Drag Coefficient

1. Jan 22, 2014

peterg07

Hi

Is the drag coefficient for a particular object the same in different mediums? Say we have Cd = 1 in air for one object, is Cd the same for this object in water?

2. Jan 22, 2014

D H

Staff Emeritus
The drag coefficient isn't even the same at different velocities in the same medium, let alone in different media.

3. Jan 22, 2014

peterg07

Thanks for the quick feedback, D H. Thread ended.

4. Jan 22, 2014

cjl

That depends. This gets into a discussion of nondimensional parameters - in a low speed flow, the drag coefficient will be the same so long as the reynolds number is similar. The reynolds number describes the relative importance of inertia and viscous forces on the fluid behavior. This is a key principle behind a lot of small scale testing of models in wind/water tunnels - similar reynolds number means similar flow behavior, including drag and lift coefficients and generation of turbulence.

In a high speed flow (greater than mach 0.3 or so, typically), you need to also match the mach number. This can still be done in different media, but it is more difficult to match both the reynolds and mach number properly. Depending on the flow parameters of interest, sometimes only one is matched, and the other is considered to be close enough to get useful data (but if this is the case, the drag and lift coefficient and flow behavior will not be identical between the model and the real situation).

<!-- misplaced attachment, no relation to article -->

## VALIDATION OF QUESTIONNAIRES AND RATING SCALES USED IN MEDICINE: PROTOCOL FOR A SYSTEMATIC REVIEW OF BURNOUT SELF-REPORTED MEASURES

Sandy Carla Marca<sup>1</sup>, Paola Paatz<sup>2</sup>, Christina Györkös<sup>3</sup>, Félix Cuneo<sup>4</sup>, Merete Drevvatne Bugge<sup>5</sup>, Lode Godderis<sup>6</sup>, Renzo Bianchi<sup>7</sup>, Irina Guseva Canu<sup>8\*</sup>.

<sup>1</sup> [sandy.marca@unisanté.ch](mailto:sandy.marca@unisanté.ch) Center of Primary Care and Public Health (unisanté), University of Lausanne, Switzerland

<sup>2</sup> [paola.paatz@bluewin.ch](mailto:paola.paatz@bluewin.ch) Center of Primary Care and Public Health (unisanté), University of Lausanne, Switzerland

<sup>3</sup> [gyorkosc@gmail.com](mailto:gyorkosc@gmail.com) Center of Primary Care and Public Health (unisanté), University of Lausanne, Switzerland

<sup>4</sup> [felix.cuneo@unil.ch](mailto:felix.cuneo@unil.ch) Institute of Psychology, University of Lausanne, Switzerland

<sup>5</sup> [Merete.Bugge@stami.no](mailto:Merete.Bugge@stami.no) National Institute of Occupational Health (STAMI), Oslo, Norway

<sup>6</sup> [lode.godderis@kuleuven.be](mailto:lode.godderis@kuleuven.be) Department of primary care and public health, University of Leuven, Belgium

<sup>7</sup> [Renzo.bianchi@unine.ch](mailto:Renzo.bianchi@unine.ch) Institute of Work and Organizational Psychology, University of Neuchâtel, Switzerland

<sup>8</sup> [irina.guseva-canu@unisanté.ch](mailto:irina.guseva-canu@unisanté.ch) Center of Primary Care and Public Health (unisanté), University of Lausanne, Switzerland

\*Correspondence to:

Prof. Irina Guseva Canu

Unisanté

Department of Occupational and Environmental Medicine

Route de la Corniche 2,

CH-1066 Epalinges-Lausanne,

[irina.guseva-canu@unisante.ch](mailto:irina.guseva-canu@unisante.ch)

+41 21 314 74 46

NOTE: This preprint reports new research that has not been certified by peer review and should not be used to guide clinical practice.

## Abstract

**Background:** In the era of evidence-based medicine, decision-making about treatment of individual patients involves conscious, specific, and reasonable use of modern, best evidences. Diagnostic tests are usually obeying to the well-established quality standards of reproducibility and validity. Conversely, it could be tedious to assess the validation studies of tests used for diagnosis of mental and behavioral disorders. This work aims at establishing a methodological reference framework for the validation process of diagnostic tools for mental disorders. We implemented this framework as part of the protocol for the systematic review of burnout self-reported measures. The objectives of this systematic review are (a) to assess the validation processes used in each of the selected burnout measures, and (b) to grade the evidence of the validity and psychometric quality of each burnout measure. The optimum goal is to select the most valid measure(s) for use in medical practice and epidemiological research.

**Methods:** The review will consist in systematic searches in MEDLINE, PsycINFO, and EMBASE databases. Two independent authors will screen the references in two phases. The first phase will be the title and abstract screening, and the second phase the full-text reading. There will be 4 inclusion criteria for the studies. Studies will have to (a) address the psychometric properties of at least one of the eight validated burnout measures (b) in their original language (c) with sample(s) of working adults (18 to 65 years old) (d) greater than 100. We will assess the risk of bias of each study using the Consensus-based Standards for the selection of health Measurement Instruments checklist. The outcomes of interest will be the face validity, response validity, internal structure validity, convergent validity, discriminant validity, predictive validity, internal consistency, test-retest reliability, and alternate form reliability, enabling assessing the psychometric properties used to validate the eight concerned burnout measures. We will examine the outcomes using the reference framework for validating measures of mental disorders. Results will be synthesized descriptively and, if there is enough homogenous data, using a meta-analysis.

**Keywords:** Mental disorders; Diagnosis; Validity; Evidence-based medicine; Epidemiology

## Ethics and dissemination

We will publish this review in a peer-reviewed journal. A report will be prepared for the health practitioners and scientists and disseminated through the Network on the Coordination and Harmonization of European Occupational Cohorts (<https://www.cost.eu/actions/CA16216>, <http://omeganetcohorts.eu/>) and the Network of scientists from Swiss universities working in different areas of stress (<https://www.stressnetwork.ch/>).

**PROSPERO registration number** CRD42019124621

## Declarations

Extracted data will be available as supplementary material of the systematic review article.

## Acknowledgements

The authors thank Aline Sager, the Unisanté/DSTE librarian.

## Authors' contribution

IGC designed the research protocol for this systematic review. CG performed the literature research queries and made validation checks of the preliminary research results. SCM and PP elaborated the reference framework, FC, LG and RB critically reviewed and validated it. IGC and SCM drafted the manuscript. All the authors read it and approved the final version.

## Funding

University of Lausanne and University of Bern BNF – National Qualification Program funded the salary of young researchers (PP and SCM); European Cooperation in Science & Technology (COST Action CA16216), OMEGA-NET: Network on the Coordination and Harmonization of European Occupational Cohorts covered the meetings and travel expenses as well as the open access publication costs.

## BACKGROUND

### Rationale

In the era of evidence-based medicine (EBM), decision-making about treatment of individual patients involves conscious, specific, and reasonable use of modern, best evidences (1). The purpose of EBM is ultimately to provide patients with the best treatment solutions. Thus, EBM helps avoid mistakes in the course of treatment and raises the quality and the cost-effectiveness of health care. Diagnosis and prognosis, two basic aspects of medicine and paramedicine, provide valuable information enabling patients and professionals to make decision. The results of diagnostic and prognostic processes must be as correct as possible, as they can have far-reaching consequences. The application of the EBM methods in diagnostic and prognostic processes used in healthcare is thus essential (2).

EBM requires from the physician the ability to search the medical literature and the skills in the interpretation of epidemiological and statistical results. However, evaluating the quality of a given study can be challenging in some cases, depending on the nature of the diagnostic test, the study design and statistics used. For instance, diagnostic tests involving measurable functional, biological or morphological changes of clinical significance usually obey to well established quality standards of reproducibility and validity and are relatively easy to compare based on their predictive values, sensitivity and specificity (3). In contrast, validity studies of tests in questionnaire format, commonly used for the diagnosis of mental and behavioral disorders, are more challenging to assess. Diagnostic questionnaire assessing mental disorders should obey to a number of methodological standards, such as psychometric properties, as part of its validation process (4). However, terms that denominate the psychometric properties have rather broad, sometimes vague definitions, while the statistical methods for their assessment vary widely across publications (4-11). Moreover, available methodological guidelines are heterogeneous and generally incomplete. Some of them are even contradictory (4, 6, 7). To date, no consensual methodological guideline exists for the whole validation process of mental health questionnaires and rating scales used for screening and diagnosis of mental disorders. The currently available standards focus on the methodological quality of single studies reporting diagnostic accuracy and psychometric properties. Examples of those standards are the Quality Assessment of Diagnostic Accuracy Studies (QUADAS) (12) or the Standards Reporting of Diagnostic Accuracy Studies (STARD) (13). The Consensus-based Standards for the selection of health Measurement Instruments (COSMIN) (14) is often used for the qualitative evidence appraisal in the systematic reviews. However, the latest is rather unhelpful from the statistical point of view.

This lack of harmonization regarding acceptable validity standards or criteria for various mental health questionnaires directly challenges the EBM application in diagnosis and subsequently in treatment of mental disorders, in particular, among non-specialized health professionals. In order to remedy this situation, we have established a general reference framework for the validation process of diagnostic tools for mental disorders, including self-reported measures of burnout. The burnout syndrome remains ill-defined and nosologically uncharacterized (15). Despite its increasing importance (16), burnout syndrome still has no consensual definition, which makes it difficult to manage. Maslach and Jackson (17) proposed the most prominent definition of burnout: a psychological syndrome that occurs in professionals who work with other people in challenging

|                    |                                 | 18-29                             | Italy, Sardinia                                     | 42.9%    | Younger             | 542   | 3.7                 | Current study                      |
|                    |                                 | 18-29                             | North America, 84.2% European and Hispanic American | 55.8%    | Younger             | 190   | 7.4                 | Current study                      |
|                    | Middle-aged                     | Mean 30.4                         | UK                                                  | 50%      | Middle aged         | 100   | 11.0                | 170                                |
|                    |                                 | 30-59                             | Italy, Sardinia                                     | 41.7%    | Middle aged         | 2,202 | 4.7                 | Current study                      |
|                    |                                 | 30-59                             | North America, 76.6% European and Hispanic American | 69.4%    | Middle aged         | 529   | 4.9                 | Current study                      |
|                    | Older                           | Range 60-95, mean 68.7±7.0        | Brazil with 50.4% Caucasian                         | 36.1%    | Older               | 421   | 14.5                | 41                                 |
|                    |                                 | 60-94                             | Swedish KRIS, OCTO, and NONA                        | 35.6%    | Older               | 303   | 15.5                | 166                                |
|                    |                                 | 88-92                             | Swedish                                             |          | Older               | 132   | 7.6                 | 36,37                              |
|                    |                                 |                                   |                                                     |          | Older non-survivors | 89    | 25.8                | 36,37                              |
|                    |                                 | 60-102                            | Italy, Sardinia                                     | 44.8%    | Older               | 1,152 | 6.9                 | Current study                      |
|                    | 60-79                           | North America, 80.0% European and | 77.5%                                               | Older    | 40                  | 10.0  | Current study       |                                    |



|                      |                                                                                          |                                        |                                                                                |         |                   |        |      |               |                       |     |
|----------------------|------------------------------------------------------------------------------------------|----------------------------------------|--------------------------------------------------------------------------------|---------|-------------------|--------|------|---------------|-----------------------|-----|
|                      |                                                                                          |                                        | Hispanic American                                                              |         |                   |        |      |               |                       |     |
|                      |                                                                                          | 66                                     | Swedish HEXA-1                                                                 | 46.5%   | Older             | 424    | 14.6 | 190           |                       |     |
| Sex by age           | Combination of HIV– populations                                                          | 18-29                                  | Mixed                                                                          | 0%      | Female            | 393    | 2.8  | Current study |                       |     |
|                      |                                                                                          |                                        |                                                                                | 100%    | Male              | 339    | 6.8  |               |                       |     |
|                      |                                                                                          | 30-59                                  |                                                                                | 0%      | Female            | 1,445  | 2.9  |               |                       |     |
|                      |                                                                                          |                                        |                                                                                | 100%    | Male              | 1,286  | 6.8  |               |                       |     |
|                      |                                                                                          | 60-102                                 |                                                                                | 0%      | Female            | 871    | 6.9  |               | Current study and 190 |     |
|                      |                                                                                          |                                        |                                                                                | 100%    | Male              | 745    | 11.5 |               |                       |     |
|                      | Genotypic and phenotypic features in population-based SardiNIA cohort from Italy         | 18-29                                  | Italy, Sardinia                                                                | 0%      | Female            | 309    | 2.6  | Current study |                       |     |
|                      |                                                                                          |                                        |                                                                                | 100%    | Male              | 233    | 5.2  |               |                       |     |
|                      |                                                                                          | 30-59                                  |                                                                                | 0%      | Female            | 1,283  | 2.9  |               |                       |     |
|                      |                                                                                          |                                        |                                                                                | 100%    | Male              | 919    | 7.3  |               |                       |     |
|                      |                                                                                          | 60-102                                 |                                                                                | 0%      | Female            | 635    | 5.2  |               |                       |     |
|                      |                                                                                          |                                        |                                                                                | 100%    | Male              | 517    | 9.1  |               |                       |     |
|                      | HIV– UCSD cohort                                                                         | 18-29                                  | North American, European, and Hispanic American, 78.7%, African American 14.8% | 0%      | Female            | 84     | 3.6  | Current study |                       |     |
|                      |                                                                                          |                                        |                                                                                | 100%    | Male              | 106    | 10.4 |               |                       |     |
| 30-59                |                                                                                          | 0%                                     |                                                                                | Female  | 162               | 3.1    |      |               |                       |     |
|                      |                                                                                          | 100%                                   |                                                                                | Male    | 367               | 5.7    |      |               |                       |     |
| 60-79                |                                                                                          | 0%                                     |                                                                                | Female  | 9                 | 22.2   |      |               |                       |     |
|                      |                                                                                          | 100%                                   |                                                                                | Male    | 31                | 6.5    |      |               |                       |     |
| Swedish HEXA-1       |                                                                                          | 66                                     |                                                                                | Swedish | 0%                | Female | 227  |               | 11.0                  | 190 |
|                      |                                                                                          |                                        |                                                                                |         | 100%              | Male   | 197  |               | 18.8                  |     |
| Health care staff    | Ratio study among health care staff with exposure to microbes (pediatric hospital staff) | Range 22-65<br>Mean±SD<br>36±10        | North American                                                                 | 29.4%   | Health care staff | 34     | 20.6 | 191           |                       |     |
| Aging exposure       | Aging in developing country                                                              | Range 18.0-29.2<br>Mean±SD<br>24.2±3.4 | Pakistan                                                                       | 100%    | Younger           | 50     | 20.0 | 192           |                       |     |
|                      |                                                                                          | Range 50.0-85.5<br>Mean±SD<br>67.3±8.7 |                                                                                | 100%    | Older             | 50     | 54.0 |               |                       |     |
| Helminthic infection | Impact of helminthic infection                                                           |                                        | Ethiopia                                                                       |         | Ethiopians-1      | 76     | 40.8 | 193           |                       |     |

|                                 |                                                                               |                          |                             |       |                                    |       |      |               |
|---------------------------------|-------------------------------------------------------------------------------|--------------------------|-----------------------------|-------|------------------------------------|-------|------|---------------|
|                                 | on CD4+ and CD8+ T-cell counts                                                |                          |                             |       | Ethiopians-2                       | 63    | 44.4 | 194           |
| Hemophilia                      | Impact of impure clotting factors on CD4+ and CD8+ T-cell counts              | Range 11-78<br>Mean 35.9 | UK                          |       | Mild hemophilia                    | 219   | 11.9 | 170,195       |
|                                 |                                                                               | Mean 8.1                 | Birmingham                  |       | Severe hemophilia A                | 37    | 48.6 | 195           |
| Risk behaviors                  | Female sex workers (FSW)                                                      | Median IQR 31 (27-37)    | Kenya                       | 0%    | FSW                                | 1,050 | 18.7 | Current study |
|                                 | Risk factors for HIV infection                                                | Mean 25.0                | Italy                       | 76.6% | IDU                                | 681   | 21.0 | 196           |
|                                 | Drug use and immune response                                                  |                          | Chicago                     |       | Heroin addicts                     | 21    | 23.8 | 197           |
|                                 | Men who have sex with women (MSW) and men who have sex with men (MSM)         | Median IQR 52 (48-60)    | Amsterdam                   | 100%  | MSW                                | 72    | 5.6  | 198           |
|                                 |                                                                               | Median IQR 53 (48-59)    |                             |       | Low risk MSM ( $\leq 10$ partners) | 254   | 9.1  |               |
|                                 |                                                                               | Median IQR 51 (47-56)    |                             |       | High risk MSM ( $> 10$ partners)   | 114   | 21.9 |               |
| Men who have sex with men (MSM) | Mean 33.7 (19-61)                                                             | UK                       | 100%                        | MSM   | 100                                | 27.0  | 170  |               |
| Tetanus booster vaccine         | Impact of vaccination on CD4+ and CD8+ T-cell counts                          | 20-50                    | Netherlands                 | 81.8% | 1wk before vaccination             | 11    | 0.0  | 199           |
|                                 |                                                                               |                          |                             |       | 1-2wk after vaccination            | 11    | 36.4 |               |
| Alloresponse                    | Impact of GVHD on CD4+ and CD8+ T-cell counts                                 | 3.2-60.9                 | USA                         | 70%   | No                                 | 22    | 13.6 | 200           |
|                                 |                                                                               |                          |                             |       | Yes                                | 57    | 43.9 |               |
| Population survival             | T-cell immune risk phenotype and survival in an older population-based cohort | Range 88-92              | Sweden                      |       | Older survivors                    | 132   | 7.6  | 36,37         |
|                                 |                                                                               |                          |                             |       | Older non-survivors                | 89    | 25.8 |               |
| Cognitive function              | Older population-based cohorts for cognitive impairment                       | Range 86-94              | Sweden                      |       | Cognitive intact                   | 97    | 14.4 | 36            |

In the case of water and air, with the same object in each and a low speed flow, we have a density ratio of about a thousand (air ~1 kg/m3, water ~1000kg/m3), a viscosity ratio of about 50 (air ~2*10-5 Pa*s @ 300K, water ~1*10-3 Pa*s @ 20C), so to match the reynolds number, we need a velocity in water that is 1/20 of the velocity in air. So, the drag coefficient of an object in 20C water at 5 mph should be similar to that of the same object in 300K (27C) air at 100 mph. We can also manipulate the length scale of the object to achieve similar results - a half-scale object in water at 10mph will also have a similar drag coefficient to a full scale in air at 100mph, and a quarter scale at 10mph in water will have a similar flow behavior to a full scale in air at 50mph. You could even manipulate the temperatures of the flows as well (changing the viscosity and density) or the pressure of the air flow (changing the density), and so long as the reynolds number stayed similar (and the flow stayed below mach 0.3 or so), the drag coefficient and flow behavior will be the same.

Basically, what I'm getting at here is that although DH is technically correct, there are parameters you can look at that do allow for comparisons between different media, different velocities, and different size scales, and as a result, you can actually get quite a bit of useful information by testing in a completely different environment than the intended one.